[Photographs: J. Kenji Lopez-Alt]
There hasn't really been a lack of coverage on fried pizza here on Slice. The first I heard of it was probably about the same time that most of you heard about it as well: when Adam first wrote about the Montanara at Forcella in July of last year. And that's with good reason. At that point, Forcella was the first and only place in New York (perhaps in the country?) serving fried pizzas of this particular style, and according to owner Giulio Adriani, modeled after only a handful of restaurants in Naples that served them.
For the record, what we're talking about here is an entirely different beast than the battered and deep fried regular pizza slices that have been popping up at state fairs and fry-everything bars in Scotland—ever since that fateful night when a fry cook and a stoner got drunk together. (Or perhaps the two were one and the same).
The fried pizza we're talking about is made much in a Neapolitan style—that is, dough topped with a simple sauce of pureed tomatoes, salt, a bit of fresh mozzarella (smoked mozzarella in the case of the Montanara), olive oil, and basil, all cooked in a hot, wood-burning stone oven. The key difference? Before any of this happens, the stretched-out disk of dough is deep fried until crisp.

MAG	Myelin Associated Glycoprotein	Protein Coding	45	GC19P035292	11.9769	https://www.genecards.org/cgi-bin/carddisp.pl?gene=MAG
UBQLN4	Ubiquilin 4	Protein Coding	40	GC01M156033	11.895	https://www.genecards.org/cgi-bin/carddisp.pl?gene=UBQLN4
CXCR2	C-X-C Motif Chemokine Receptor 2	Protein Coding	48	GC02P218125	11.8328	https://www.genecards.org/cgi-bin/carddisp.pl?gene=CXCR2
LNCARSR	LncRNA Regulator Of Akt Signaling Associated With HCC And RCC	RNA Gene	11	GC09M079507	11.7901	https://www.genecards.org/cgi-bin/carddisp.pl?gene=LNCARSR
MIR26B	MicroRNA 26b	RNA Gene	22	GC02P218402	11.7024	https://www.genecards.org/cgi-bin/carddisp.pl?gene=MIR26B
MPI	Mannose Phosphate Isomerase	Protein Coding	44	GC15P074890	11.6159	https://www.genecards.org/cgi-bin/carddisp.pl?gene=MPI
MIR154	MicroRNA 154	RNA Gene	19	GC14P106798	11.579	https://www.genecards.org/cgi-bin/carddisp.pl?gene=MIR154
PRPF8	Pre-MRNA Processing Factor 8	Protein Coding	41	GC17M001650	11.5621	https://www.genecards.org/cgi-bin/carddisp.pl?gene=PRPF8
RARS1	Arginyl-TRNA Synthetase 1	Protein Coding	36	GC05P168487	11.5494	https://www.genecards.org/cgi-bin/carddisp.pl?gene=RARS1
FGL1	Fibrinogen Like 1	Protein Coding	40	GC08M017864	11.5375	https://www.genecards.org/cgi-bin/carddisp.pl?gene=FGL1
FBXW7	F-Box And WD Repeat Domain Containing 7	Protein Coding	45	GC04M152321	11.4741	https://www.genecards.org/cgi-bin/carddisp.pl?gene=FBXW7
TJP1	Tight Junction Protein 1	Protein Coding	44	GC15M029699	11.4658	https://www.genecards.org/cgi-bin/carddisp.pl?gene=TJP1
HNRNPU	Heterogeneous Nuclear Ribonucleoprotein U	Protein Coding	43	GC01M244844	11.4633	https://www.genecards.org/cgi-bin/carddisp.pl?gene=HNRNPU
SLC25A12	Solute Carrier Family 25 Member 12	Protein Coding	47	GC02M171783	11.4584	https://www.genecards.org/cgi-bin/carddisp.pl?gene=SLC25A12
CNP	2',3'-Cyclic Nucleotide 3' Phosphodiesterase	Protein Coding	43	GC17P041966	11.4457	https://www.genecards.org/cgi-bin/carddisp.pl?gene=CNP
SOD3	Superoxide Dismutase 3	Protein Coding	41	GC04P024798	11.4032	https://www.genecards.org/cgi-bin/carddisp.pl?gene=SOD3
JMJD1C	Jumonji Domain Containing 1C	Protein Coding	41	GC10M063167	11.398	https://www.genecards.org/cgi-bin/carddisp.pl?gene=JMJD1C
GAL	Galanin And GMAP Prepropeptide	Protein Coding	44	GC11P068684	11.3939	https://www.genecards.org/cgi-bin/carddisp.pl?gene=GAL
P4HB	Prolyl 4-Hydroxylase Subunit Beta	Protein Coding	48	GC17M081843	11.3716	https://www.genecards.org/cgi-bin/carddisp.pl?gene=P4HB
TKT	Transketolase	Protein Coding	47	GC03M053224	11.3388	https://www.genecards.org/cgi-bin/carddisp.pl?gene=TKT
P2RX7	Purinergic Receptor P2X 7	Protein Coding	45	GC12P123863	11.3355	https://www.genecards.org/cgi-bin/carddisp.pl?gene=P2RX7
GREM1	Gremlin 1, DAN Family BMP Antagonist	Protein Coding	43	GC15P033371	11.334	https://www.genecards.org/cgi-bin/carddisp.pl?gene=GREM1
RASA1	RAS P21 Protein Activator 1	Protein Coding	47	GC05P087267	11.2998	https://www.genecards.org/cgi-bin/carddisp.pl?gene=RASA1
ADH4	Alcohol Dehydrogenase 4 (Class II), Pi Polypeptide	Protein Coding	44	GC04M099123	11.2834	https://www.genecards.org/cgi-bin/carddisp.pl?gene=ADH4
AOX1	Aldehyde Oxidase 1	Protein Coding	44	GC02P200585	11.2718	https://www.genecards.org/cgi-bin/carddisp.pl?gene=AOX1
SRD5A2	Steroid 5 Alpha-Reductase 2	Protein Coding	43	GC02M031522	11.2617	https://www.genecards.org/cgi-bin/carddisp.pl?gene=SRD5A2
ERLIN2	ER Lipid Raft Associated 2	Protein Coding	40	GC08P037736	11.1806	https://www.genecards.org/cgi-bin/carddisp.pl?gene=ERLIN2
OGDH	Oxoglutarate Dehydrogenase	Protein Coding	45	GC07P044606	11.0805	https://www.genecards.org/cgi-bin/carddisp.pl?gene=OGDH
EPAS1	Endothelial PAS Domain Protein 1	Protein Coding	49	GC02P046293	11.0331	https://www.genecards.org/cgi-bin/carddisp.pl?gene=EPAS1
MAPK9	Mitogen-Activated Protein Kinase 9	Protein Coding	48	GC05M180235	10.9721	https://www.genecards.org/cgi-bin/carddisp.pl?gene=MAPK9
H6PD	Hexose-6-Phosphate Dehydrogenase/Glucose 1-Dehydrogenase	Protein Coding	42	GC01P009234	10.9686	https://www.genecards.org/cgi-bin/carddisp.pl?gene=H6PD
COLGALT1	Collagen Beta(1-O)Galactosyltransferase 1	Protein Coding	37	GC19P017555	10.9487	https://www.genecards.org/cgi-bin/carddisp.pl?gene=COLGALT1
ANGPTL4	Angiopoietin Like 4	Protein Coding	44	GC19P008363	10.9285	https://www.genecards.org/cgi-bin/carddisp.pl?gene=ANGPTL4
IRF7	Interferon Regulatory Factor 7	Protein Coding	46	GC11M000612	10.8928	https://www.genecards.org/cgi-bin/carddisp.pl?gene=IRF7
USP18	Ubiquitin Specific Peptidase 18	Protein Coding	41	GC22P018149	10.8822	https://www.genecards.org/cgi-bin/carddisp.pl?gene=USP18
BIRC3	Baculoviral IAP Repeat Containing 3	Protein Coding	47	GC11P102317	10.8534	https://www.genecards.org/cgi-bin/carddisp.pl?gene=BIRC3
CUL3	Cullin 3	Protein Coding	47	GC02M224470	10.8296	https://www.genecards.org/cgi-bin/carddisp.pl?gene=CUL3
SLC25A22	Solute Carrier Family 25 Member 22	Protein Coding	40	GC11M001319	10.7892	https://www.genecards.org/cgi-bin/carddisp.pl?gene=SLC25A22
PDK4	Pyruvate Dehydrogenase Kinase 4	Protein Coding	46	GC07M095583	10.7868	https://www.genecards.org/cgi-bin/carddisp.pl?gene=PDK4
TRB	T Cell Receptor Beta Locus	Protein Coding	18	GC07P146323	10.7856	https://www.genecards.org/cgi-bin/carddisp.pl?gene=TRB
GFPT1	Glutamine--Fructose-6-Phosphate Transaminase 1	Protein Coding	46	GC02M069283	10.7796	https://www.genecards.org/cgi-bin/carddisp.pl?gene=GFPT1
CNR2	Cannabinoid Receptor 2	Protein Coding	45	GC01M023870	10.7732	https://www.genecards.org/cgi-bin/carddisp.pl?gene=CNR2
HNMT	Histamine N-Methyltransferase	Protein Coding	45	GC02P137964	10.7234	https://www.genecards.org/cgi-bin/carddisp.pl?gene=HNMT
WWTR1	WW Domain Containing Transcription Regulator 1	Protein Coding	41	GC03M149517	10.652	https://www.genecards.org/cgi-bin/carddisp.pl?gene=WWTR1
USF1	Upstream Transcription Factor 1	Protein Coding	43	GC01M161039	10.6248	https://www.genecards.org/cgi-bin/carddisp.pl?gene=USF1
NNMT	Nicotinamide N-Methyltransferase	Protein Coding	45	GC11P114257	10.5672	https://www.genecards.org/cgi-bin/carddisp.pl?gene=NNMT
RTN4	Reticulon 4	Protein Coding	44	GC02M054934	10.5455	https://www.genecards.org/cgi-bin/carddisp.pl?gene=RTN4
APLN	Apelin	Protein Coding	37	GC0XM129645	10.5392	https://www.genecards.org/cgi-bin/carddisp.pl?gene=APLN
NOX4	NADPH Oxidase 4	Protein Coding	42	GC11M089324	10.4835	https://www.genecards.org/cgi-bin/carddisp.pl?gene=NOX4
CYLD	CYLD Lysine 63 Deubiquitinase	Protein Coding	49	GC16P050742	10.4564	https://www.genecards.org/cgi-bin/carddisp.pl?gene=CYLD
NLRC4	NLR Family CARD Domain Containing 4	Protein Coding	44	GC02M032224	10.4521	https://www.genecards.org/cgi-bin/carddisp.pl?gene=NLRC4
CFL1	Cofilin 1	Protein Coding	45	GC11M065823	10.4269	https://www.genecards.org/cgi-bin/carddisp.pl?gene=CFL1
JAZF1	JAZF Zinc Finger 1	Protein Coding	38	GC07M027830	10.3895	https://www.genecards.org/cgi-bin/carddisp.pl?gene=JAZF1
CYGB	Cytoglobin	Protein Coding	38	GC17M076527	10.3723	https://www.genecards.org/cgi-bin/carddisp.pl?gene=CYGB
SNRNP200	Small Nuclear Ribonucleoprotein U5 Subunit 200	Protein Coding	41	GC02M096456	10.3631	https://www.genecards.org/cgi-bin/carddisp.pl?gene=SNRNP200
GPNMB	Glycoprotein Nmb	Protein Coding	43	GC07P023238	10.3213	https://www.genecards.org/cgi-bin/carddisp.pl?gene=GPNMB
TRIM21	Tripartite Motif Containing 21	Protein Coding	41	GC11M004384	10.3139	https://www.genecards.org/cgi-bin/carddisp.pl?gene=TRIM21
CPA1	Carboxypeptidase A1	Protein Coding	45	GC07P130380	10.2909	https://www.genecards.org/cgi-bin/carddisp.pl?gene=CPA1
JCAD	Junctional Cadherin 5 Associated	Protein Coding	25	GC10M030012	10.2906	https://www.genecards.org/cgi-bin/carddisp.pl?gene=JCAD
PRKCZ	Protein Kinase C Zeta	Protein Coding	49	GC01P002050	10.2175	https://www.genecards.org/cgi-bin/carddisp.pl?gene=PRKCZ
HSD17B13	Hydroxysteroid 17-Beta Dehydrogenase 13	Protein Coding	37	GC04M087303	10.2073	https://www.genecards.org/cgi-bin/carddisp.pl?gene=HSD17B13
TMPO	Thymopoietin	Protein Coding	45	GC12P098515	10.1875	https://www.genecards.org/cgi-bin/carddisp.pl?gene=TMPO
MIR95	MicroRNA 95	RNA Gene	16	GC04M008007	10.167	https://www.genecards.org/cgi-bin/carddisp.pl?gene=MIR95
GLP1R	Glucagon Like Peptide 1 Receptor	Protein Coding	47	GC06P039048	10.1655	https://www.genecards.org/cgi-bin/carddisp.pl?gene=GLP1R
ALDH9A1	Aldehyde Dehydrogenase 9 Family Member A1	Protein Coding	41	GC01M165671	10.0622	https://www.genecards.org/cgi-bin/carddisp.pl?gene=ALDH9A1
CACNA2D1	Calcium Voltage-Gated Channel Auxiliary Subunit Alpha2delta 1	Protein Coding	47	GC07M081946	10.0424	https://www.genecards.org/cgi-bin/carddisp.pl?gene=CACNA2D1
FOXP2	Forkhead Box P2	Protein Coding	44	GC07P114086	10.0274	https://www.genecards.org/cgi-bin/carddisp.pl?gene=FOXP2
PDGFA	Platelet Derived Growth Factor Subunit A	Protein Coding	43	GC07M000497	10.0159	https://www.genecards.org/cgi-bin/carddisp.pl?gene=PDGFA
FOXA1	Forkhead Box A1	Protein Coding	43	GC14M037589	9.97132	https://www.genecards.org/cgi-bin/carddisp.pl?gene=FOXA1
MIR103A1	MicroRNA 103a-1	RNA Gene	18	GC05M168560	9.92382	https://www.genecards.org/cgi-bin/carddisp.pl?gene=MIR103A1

Since being introduced to this style, we've taken you on a behind the scenes tour of how the Montanara (as the fried pizza is called) is made, we've seen the opening of La Montanara—an all-fried pizzeria on Ludlow street—named after the signature pie, and we've even been taken on a tour through its history, courtesy of Scott. Fried pizzas have indeed come a long way.
But there was one part of Scott's post that really intrigued me: while many people find deep frying to be a technique relegated to the professionals with restaurant kitchens, in Naples, the traditional fried pizza is quite a different beast—a creature of the home kitchen created in order to quickly cook a pizza without the benefit of a blazing hot wood-burning oven.
Home pizza technique, eh? Sounds intriguing!
While Scott briefly explained the method back then, I figured it was worth a deeper look. I'm glad I did, because I can tell you that these were some of the finest pies to ever come out of my home kitchen, and believe it or not, it's remarkably simple to do.